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Discussion Starter #1
Why is it that a .44 handgun (M-29) was considered to be so powerful a hunting cartridge, you could take large and dangerous game (bears) with it, when the .30-30 is considered to be just a minimal whitetail/black bear gun (Win. 94) cartridge??? A .44 out of a 6" barrel is much less powerful, than a .30-30 out of a 20" Win. 94. Am I missing something??? :geek: Bob
 

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Folks who study paper ballistics love to bash the .30-30. Folks who hunt with a .30-30 know just how effective a cartridge it is inside 150 yds., and continue to use it on bear and deer-sized game with complete confidence. When it was introduced, it was the do-all end-all cartridge of the 1890s!

A hard cast FN .44 cal. bullet will cut a larger entry hole than a .30 cal bullet. Other than that, I consider those two cartridges similarly effective on game. JMO, based on my own experience.

Maj. Doug Wesson went on an extended big game hunt in the western US back in the 1930s to showcase the then-new .357 Magnum. He brought back deer of all sort, antelope, bear, elk caribou, and others - and there was all of that same hyperbolic ballistics chatter and comparison with the .30-30 back then.

xtm
 

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The distances normally accepted as hunting ranges for the two are quite different. Elk have been taken with long bows and hand made arrows for thousands of years but I would never try it at 100 Yds
 

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Discussion Starter #4
xtm, That's my thinking.....exactly!!!! ;) When they were both introduced to the shooting public........357 and the .30-30 were claimed to be the cartridges to take any game. But now, 100 years later, they are both said to be only barely aedequate for average size whitetails. I realize that better and more powerful cartridges were developed, to eclipse these old stand bys.......but they are still effective at shorter ranges. :roll: Bob
 

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If you read some of the gun writers /Experts of days gone by you will be surprized by the ideas of effective cartridges. When the Ruger Carbine 44 Magnum came out in the 1960s a number of writer/experts considered that it would be more effective than the 30-30 for deer at short range. All of the Winchester '73 rounds (44-40, 38-40, 32-20) were considered great for hunting a hundred years ago. The 44 Rimfire, 44-40, 44 & 45 Colt, 44 S&W American. were all used to harvest the Bison from horseback.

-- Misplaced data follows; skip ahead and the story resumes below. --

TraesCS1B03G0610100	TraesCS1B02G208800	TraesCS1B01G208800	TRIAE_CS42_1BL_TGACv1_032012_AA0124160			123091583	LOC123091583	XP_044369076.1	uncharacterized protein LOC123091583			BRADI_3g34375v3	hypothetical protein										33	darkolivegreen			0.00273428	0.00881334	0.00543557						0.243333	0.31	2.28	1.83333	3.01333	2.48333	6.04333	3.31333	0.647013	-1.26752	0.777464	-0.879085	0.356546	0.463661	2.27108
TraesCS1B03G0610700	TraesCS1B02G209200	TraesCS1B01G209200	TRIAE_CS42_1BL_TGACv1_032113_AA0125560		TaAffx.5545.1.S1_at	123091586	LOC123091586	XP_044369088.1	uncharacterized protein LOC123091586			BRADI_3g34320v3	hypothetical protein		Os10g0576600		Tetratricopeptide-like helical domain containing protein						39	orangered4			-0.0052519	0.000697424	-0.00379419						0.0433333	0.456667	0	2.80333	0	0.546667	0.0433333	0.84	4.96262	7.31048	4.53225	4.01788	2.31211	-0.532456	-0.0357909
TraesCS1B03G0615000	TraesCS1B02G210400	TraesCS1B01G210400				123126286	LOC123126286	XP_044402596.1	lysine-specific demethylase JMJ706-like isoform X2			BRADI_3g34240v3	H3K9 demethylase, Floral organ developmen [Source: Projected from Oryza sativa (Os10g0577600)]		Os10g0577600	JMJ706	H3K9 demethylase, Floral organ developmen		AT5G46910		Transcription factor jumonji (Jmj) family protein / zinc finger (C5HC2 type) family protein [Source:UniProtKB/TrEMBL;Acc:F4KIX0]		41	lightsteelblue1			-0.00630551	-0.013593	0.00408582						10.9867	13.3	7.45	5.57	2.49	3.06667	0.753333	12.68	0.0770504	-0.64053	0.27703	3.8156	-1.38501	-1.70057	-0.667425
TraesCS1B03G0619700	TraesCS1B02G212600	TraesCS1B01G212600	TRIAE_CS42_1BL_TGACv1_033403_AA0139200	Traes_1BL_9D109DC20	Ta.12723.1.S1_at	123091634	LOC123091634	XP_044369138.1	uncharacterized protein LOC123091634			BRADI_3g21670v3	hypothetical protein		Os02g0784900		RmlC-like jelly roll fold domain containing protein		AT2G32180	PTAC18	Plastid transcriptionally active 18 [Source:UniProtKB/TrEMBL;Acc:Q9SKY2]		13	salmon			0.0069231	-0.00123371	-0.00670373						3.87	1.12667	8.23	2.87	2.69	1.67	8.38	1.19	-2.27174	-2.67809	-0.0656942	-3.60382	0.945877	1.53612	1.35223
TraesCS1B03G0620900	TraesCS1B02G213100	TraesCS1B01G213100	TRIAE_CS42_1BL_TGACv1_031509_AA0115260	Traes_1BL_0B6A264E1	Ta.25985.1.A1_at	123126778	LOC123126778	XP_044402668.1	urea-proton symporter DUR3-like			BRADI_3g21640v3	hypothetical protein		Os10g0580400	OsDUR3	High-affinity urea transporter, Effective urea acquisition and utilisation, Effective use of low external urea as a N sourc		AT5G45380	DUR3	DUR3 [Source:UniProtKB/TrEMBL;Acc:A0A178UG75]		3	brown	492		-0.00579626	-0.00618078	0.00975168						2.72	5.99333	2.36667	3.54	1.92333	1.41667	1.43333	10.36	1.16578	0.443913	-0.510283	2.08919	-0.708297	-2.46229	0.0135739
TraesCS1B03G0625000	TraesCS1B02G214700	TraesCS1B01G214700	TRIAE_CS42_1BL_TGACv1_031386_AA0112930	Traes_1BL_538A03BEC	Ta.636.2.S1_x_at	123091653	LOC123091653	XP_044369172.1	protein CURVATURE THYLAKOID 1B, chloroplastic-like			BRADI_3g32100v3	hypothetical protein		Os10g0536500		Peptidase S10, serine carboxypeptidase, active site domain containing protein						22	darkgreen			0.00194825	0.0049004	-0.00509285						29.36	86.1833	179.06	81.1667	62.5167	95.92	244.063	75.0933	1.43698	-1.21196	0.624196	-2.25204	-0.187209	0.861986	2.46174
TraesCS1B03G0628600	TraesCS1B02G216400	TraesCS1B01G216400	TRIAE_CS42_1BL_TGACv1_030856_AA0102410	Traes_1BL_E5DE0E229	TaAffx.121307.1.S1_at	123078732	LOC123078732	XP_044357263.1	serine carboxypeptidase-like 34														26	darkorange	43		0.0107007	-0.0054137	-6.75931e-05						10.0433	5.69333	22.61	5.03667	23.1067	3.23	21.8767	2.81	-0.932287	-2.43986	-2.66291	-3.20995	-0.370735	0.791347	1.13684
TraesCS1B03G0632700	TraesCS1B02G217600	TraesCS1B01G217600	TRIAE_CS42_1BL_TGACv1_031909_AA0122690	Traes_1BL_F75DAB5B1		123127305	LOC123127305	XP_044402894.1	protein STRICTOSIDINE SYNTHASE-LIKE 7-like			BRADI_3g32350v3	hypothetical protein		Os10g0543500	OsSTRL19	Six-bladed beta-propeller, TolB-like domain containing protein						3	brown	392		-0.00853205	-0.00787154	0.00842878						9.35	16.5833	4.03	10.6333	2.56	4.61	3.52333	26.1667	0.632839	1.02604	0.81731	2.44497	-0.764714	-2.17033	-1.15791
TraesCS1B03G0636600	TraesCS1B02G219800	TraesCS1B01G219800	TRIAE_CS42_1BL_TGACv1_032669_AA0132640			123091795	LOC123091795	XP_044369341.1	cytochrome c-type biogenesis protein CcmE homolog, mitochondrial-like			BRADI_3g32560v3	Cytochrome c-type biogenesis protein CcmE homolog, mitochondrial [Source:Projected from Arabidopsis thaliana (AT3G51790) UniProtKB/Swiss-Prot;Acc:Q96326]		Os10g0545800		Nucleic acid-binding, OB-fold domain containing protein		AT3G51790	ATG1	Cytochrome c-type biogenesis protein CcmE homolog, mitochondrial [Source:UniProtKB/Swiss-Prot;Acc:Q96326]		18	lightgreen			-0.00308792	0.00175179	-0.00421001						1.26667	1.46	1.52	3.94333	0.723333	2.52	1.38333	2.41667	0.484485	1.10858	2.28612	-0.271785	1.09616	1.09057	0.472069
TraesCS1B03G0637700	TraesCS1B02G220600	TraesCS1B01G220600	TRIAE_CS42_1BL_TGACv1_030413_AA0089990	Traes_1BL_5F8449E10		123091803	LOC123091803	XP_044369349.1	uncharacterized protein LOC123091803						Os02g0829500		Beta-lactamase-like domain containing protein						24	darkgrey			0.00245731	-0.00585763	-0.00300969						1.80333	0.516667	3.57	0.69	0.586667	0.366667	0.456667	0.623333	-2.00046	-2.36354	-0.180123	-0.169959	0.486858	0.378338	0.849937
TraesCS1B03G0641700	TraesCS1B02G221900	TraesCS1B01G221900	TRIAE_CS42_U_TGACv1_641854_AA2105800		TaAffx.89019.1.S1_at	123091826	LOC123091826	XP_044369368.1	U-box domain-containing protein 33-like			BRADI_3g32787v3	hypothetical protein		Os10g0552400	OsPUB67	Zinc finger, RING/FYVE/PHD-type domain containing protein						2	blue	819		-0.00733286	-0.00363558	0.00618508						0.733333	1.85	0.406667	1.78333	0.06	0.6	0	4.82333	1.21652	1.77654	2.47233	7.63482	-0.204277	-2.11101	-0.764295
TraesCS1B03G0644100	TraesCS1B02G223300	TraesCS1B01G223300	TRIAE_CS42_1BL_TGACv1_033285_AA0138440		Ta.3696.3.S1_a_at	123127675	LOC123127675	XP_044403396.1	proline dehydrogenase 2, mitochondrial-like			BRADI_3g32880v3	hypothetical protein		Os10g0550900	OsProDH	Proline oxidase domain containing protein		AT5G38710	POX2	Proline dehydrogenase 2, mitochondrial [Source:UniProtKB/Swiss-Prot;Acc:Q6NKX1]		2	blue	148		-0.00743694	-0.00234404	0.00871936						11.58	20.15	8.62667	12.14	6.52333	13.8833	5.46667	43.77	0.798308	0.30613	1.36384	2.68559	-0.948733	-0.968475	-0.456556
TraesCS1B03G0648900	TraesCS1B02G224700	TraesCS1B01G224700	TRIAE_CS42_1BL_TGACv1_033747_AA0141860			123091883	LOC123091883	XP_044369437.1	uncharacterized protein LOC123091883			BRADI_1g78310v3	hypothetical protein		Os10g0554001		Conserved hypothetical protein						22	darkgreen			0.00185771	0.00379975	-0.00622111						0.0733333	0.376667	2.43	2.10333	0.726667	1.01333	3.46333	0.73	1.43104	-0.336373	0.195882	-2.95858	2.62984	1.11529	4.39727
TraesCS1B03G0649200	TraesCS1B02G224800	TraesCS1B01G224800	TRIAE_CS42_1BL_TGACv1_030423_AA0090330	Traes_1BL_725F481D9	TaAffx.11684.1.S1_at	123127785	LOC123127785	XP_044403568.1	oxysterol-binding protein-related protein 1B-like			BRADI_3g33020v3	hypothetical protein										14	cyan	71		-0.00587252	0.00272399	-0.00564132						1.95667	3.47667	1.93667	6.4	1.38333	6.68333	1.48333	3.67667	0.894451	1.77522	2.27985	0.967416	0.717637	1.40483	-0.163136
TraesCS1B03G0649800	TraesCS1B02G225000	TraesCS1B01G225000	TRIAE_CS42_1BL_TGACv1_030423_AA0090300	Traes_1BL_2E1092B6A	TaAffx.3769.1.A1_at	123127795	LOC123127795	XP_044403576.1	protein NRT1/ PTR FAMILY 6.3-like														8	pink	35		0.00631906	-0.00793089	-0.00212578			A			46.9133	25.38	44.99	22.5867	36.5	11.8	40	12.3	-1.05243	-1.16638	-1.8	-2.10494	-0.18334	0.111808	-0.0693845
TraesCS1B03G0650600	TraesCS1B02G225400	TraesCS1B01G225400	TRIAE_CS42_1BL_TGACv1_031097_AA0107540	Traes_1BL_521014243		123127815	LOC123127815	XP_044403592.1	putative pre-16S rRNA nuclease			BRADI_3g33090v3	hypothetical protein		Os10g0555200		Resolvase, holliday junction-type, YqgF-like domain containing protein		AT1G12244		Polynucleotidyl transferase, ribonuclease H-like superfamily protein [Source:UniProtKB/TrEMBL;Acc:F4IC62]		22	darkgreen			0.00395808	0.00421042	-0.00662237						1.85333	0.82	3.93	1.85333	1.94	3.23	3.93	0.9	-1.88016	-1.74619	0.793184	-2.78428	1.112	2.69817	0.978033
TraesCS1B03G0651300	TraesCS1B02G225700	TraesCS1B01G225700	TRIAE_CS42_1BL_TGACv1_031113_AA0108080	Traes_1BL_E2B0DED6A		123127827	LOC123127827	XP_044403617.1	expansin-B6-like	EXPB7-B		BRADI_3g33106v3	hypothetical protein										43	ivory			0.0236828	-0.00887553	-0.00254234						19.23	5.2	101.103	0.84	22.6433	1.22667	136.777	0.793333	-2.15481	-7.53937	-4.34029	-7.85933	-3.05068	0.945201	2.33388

goodidea
 

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Some folks I trust have told me that in their experience the 44 magnum fired from a carbine "drops" deer quicker than the 30-30 if they're shot at 100 yards or less. The theory is that the wider bullet is making a difference. However, past that, the 44 trajectory gets in the way. I've no personal knowledge since I've never killed a deer with a 30-30, but I definitely DO NOT discount older calibers. The 30-30 kills 'em just as dead now as it did when it was the wonder gun of the time.
 

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Discussion Starter #7
Maybe the .44 is more effective at 25 to 50 yards, typical deer ranges in my neck of the woods, (We have to use shotguns.) but the .30-30 has been known to drop deer at 100 to 150 yards. Kinda making it a mid-range cartridge. For shorter ranges, a 12 ga. is a devastating weapon that will handle Alaskan bears.

I know I'd rather have a 12 ga. in my hands, than a .44 in Alaska. Unless I was fishing, where ease of portablility the a top priority. ;) Bob
 

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While I’ve taken both deer and black bear with a .44 magnum revolver it’s not my cup of tea. I favor the rifle over the handgun thus the .30-30 in a Winchester M94 is more than adequate. The problem with the .30-30 if there is one is the user. The average hunter that I’ve encountered in Pennsylvania, West Virginia, Virginia, and North Carolina are hunters first and marksmen last. Since most deer on average are taken at close range it’s a toss up as to which is more effective.

This year I opened the property to hunting. The hunters used tree stands exclusively. They employed rifles but none were in .30-30. My observation is that they had more scope and cartridge then what was required.

Each evening I observe deer. Maybe I need to get better hunters in. Their allowed five deer to a tag but three of the five must be doe. There’s just no end to the deer around here.